Worldwide Statistics on Alcohol Addiction
Alcohol is one of the most widely consumed drugs in the world along with nicotine and is particularly prevalent in developed countries. Alcohol addiction is a major issue in many areas and remains one of the primary public health problems the modern world faces today. Not only are there health consequences in terms of the increased risk of cardiovascular disease, cancer and liver damage, there are other issues surrounding the number of injuries and deaths that caused by alcohol related behaviour including drink driving. Mental health problems also add to the mix making it a complex area when helping people to manage their addiction.
In places like England, according to Alcohol Concern, over nine million people drink more than the recommended daily limit and alcohol related issues cost the NHS some £3.5 billion a year. Across the world, alcohol is the biggest cause of deaths due to drugs amongst teenagers and young people who drink are over 7 times more likely to go onto other substances such as marijuana, cocaine and amphetamine.
The International alcohol addiction statistics reveal:
- Across the world, 16% of people over the age of 15 who have drunk alcohol admitted to episodes of heavy drinking.
- Nearly 6% of all deaths globally can be attributed in some way to the consumption of alcohol with more men than women being affected.
- You are more likely to develop a problem with alcohol if you have familial influences, particularly if one or more parent drinks heavily as well.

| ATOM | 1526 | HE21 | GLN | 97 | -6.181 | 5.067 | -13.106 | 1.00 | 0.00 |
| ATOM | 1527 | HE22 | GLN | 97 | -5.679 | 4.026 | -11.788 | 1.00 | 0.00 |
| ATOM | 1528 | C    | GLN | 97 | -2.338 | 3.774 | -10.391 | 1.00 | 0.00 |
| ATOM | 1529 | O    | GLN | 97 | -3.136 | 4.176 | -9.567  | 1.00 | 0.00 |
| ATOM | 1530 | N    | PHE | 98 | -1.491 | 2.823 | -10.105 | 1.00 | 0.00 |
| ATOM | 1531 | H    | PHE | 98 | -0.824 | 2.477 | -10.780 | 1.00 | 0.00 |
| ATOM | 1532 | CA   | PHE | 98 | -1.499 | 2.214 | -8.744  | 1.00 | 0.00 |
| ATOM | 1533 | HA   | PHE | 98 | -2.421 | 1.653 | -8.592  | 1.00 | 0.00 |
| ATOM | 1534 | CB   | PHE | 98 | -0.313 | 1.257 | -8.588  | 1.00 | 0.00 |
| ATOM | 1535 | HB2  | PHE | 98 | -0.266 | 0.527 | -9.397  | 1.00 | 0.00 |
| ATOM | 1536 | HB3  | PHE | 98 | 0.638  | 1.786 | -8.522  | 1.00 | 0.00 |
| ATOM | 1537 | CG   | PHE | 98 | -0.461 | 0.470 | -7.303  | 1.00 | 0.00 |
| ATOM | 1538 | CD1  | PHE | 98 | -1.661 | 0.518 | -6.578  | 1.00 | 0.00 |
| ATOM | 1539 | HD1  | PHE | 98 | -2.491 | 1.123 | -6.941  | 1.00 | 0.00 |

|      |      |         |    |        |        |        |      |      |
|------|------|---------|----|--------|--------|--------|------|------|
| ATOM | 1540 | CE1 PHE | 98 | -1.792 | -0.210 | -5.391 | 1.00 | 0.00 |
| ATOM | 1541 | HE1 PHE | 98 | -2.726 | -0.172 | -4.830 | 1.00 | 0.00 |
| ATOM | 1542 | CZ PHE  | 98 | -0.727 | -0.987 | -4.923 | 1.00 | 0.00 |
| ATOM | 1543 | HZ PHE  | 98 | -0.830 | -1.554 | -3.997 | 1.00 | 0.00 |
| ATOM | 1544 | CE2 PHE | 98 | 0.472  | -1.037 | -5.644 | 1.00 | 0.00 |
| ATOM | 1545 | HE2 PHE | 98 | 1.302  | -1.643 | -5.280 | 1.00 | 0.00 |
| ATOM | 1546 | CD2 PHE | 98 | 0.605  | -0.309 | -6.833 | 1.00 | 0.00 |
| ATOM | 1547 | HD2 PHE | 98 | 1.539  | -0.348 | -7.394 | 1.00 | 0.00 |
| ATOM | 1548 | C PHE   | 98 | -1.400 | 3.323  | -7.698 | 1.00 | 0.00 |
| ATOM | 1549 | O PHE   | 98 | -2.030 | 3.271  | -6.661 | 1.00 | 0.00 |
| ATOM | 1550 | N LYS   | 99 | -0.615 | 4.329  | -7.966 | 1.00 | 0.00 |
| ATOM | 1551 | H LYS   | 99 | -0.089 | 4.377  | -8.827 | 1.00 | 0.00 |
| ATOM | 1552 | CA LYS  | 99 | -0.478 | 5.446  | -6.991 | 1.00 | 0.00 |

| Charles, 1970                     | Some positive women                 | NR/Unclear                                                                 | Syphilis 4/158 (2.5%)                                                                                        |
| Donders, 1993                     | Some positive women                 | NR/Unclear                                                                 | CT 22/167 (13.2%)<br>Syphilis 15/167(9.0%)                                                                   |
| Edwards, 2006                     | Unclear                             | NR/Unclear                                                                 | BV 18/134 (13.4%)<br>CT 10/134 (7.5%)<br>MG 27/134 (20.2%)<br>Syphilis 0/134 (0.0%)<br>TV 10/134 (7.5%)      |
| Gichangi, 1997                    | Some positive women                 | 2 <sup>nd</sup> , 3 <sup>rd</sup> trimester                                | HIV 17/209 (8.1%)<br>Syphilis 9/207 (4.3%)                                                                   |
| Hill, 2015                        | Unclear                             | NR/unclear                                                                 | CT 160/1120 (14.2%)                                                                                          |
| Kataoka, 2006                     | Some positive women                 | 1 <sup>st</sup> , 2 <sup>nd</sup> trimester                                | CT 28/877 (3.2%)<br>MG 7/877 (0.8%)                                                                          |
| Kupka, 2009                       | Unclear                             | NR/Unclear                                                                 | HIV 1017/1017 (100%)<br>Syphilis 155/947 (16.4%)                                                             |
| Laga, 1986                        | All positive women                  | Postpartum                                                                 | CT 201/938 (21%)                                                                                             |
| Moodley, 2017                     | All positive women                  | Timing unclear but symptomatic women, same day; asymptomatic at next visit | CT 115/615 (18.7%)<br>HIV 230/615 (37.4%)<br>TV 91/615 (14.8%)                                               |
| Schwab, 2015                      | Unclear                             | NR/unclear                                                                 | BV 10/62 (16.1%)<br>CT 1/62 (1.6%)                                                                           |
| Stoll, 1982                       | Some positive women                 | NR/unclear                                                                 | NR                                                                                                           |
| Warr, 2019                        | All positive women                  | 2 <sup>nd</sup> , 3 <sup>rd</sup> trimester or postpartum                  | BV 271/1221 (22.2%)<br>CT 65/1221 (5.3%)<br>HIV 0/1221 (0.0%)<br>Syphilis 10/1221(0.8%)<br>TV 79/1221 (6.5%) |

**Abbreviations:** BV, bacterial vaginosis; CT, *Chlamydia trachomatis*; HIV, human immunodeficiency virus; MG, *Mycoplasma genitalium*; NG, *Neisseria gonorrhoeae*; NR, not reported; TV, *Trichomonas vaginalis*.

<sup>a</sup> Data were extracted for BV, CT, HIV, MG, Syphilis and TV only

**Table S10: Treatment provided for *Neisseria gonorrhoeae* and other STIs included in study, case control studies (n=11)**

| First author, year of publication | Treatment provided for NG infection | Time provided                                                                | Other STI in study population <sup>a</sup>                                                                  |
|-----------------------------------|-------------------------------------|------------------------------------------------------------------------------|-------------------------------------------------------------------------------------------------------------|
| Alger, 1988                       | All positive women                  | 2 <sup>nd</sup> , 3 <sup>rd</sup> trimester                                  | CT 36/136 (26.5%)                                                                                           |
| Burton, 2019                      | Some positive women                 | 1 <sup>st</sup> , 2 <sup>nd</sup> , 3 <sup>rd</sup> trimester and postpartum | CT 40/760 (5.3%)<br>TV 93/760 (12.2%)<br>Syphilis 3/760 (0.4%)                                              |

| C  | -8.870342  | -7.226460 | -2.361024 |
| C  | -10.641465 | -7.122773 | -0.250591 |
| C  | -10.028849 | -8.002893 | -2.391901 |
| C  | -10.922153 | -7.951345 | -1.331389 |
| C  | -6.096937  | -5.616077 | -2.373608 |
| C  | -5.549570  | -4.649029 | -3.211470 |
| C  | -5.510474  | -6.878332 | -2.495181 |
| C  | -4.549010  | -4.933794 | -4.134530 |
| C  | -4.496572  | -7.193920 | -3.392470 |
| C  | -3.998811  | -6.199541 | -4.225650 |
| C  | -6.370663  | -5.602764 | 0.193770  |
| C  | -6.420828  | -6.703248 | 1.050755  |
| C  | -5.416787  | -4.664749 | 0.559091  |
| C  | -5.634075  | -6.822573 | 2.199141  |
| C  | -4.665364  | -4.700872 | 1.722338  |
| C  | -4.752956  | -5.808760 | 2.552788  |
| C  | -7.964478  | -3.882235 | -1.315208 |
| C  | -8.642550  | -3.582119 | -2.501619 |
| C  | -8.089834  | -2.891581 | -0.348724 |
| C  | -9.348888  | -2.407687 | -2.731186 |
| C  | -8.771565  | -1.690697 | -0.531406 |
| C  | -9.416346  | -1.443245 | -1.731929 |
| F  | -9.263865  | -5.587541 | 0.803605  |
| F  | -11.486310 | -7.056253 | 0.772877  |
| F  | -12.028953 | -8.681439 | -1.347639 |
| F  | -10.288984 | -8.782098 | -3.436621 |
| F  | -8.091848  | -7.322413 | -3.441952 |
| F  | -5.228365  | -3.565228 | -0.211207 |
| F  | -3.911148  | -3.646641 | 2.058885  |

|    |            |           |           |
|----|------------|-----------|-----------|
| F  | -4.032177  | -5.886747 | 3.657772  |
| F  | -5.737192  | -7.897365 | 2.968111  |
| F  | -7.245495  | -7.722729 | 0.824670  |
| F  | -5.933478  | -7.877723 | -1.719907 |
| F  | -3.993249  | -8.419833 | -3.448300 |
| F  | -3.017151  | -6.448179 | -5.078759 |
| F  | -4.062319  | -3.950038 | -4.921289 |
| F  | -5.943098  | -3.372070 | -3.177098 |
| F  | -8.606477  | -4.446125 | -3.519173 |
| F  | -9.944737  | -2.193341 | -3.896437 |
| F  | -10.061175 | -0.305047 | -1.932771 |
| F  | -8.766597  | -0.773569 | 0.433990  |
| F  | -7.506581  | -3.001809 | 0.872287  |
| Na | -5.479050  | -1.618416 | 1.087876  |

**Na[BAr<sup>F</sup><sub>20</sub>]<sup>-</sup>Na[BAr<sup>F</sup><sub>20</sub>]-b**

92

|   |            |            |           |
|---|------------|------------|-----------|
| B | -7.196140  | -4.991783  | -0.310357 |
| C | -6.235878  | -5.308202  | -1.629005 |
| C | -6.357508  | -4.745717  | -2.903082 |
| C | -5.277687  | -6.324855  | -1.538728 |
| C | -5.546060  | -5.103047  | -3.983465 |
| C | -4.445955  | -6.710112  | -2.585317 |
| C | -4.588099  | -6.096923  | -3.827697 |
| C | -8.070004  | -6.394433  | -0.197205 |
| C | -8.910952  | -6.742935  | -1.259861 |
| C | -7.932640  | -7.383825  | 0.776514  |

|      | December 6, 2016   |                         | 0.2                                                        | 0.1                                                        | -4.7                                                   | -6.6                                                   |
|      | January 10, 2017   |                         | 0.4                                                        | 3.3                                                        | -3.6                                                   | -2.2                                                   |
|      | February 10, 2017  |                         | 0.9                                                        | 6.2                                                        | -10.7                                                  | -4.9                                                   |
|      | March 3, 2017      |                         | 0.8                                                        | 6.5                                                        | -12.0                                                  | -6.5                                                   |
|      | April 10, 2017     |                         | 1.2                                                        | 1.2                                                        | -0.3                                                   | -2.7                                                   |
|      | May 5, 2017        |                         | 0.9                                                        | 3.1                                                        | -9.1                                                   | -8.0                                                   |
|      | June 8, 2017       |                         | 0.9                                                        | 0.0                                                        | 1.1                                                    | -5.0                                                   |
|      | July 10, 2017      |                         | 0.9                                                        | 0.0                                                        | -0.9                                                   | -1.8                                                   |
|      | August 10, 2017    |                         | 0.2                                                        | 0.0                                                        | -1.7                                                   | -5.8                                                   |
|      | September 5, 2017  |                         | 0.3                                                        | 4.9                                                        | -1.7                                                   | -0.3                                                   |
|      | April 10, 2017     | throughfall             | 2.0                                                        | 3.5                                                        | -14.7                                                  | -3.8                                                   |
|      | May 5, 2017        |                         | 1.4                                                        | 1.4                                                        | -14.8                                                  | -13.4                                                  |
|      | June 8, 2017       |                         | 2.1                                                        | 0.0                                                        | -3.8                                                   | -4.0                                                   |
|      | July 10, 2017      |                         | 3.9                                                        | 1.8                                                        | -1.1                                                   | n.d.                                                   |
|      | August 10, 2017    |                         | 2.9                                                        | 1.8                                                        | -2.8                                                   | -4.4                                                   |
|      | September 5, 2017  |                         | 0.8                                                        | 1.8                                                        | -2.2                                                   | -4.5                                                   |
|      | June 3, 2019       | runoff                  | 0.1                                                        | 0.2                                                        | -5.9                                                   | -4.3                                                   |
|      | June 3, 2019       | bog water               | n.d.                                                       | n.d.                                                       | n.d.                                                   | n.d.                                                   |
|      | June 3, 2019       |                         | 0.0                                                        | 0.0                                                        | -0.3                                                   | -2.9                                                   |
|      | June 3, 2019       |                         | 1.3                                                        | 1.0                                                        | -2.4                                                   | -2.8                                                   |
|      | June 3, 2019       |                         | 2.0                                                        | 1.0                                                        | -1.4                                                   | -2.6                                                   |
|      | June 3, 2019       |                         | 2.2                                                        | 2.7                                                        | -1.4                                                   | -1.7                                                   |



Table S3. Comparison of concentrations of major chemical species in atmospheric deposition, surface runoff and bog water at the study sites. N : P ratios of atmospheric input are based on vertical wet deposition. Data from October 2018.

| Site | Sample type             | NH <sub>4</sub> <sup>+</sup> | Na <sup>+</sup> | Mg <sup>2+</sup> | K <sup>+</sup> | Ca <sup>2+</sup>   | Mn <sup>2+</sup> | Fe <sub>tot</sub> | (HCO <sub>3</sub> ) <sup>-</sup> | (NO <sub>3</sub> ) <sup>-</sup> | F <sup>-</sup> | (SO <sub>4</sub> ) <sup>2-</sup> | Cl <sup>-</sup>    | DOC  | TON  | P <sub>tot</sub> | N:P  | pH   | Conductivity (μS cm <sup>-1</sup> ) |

- Excessive alcohol consumption is associated with various mental health issues including depression and anxiety disorders.
In the USA, according to Drug Free World:
- In a recent survey, 6.6% of the population who aged 12 and over admitted to drinking heavily in the previous month.
- 9 million US citizens received help for some kind of substance abuse. Of these, 2.5 million had a problem with alcohol specifically.
- With nearly 1.5 million arrests due to drink driving and nearly 13,000 drink related traffic deaths in 2007, the USA is one of the major areas of public health concern when it comes to drink.
In Europe, as in many Western countries, there are comparable alcohol related statistics:
- Although it is a much smaller country, England reported over 6,500 deaths due to alcohol in 2005 and the trend is on the increase.
- Estimates suggest that across the European Union some 23 million people have a problem with dependency on alcohol.
- Similar to the US, almost two fifths of violent crimes involve the use of alcohol and a similar figure is true for deaths caused due to vehicle accidents.
In Africa things are slightly different but there are growing concerns about the increased misuse of alcohol:
- Over 70% of Africans questioned said that they had not had a drink of alcohol in the previous 12 months, this in part due to religious differences such as a large Muslim population.
- The average consumption of alcohol in Africa is just over 6 litres per person per year, compared to over 12 litres per person per year in Europe.
- However, binge drinking, when Africans do drink, is higher than in most other parts of the world. There is a caveat to this, however, as WHO designate a period of binge drinking as having the equivalent of three pints of beer or more in one sitting.
Other areas of the world have their own profile for alcohol addiction:
- A study in 2013, showed that nearly over 1 million people in Japan have a problem with alcohol abuse and yet only 50,000 a year are seeking treatment.
- Alcohol consumption in India is increasing. Over the last twenty years the number of people who have had an alcoholic beverage has moved from 1 in 300 up to 1 in 20.
- Partly because of its recent economic growth, China is experiencing the fastest growth in alcohol consumption in the world, with a consequent increase in alcohol related problems.
Statistics in the UK for Alcohol
WHO: Global Status Report on Alcohol and Health 2014